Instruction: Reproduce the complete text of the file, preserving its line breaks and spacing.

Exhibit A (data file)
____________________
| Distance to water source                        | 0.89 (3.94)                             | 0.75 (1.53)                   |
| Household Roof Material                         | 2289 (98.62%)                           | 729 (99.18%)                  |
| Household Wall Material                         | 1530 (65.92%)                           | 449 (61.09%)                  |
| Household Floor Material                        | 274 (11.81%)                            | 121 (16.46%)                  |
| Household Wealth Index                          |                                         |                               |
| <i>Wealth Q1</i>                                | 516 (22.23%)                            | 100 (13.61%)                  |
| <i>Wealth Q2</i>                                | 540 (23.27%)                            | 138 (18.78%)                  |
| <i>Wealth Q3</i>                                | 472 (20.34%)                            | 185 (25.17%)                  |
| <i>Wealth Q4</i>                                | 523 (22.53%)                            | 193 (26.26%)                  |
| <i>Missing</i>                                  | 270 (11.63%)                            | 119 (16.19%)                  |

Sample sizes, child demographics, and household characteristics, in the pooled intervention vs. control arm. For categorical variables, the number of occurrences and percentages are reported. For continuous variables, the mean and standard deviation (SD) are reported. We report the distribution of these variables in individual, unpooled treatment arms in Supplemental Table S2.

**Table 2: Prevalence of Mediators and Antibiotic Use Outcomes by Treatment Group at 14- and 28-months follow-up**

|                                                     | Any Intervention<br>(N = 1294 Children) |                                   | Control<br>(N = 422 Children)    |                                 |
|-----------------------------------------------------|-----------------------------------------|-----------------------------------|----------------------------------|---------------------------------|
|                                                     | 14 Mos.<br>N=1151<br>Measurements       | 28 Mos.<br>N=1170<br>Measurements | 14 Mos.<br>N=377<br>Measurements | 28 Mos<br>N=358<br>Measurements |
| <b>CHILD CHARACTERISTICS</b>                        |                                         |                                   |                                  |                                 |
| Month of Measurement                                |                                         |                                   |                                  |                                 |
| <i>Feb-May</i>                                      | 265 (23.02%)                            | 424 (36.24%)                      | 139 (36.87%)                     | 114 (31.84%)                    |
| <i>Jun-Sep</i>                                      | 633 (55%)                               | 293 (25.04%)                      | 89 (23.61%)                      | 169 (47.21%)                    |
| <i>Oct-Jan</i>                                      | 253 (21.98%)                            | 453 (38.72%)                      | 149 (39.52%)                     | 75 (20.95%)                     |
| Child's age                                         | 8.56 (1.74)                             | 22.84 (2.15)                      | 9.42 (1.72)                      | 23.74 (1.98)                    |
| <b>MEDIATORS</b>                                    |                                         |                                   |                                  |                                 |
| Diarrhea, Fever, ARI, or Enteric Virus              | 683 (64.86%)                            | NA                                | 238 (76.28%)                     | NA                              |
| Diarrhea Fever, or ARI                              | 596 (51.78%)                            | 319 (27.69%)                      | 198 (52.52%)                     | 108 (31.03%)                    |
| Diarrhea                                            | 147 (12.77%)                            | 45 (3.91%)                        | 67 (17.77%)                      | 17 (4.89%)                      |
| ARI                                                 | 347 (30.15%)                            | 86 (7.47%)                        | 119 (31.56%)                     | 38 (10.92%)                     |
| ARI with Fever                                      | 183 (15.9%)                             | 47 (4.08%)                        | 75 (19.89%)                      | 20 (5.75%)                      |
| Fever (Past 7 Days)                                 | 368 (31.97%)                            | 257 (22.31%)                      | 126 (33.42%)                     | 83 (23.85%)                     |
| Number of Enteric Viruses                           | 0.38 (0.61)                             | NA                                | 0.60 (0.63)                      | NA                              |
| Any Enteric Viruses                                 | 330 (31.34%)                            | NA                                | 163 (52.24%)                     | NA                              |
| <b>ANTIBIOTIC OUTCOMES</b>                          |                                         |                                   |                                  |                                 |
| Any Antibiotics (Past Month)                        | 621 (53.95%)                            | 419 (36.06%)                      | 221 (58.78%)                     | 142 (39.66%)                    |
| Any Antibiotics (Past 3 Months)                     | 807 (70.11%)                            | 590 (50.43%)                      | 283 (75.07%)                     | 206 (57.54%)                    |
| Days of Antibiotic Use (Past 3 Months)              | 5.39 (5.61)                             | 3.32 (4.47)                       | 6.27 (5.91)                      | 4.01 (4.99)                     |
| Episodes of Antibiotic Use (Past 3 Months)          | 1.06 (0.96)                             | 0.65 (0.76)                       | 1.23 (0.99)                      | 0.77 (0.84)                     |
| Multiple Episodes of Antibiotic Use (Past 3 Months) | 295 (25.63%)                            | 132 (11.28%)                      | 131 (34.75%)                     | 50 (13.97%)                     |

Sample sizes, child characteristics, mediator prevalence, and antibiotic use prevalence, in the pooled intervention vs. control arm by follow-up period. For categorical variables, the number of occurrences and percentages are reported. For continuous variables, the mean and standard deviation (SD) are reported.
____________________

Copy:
| Distance to water source                        | 0.89 (3.94)                             | 0.75 (1.53)                   |
| Household Roof Material                         | 2289 (98.62%)                           | 729 (99.18%)                  |
| Household Wall Material                         | 1530 (65.92%)                           | 449 (61.09%)                  |
| Household Floor Material                        | 274 (11.81%)                            | 121 (16.46%)                  |
| Household Wealth Index                          |                                         |                               |
| <i>Wealth Q1</i>                                | 516 (22.23%)                            | 100 (13.61%)                  |
| <i>Wealth Q2</i>                                | 540 (23.27%)                            | 138 (18.78%)                  |
| <i>Wealth Q3</i>                                | 472 (20.34%)                            | 185 (25.17%)                  |
| <i>Wealth Q4</i>                                | 523 (22.53%)                            | 193 (26.26%)                  |
| <i>Missing</i>                                  | 270 (11.63%)                            | 119 (16.19%)                  |

Sample sizes, child demographics, and household characteristics, in the pooled intervention vs. control arm. For categorical variables, the number of occurrences and percentages are reported. For continuous variables, the mean and standard deviation (SD) are reported. We report the distribution of these variables in individual, unpooled treatment arms in Supplemental Table S2.

**Table 2: Prevalence of Mediators and Antibiotic Use Outcomes by Treatment Group at 14- and 28-months follow-up**

|                                                     | Any Intervention<br>(N = 1294 Children) |                                   | Control<br>(N = 422 Children)    |                                 |
|-----------------------------------------------------|-----------------------------------------|-----------------------------------|----------------------------------|---------------------------------|
|                                                     | 14 Mos.<br>N=1151<br>Measurements       | 28 Mos.<br>N=1170<br>Measurements | 14 Mos.<br>N=377<br>Measurements | 28 Mos<br>N=358<br>Measurements |
| <b>CHILD CHARACTERISTICS</b>                        |                                         |                                   |                                  |                                 |
| Month of Measurement                                |                                         |                                   |                                  |                                 |
| <i>Feb-May</i>                                      | 265 (23.02%)                            | 424 (36.24%)                      | 139 (36.87%)                     | 114 (31.84%)                    |
| <i>Jun-Sep</i>                                      | 633 (55%)                               | 293 (25.04%)                      | 89 (23.61%)                      | 169 (47.21%)                    |
| <i>Oct-Jan</i>                                      | 253 (21.98%)                            | 453 (38.72%)                      | 149 (39.52%)                     | 75 (20.95%)                     |
| Child's age                                         | 8.56 (1.74)                             | 22.84 (2.15)                      | 9.42 (1.72)                      | 23.74 (1.98)                    |
| <b>MEDIATORS</b>                                    |                                         |                                   |                                  |                                 |
| Diarrhea, Fever, ARI, or Enteric Virus              | 683 (64.86%)                            | NA                                | 238 (76.28%)                     | NA                              |
| Diarrhea Fever, or ARI                              | 596 (51.78%)                            | 319 (27.69%)                      | 198 (52.52%)                     | 108 (31.03%)                    |
| Diarrhea                                            | 147 (12.77%)                            | 45 (3.91%)                        | 67 (17.77%)                      | 17 (4.89%)                      |
| ARI                                                 | 347 (30.15%)                            | 86 (7.47%)                        | 119 (31.56%)                     | 38 (10.92%)                     |
| ARI with Fever                                      | 183 (15.9%)                             | 47 (4.08%)                        | 75 (19.89%)                      | 20 (5.75%)                      |
| Fever (Past 7 Days)                                 | 368 (31.97%)                            | 257 (22.31%)                      | 126 (33.42%)                     | 83 (23.85%)                     |
| Number of Enteric Viruses                           | 0.38 (0.61)                             | NA                                | 0.60 (0.63)                      | NA                              |
| Any Enteric Viruses                                 | 330 (31.34%)                            | NA                                | 163 (52.24%)                     | NA                              |
| <b>ANTIBIOTIC OUTCOMES</b>                          |                                         |                                   |                                  |                                 |
| Any Antibiotics (Past Month)                        | 621 (53.95%)                            | 419 (36.06%)                      | 221 (58.78%)                     | 142 (39.66%)                    |
| Any Antibiotics (Past 3 Months)                     | 807 (70.11%)                            | 590 (50.43%)                      | 283 (75.07%)                     | 206 (57.54%)                    |
| Days of Antibiotic Use (Past 3 Months)              | 5.39 (5.61)                             | 3.32 (4.47)                       | 6.27 (5.91)                      | 4.01 (4.99)                     |
| Episodes of Antibiotic Use (Past 3 Months)          | 1.06 (0.96)                             | 0.65 (0.76)                       | 1.23 (0.99)                      | 0.77 (0.84)                     |
| Multiple Episodes of Antibiotic Use (Past 3 Months) | 295 (25.63%)                            | 132 (11.28%)                      | 131 (34.75%)                     | 50 (13.97%)                     |

Sample sizes, child characteristics, mediator prevalence, and antibiotic use prevalence, in the pooled intervention vs. control arm by follow-up period. For categorical variables, the number of occurrences and percentages are reported. For continuous variables, the mean and standard deviation (SD) are reported.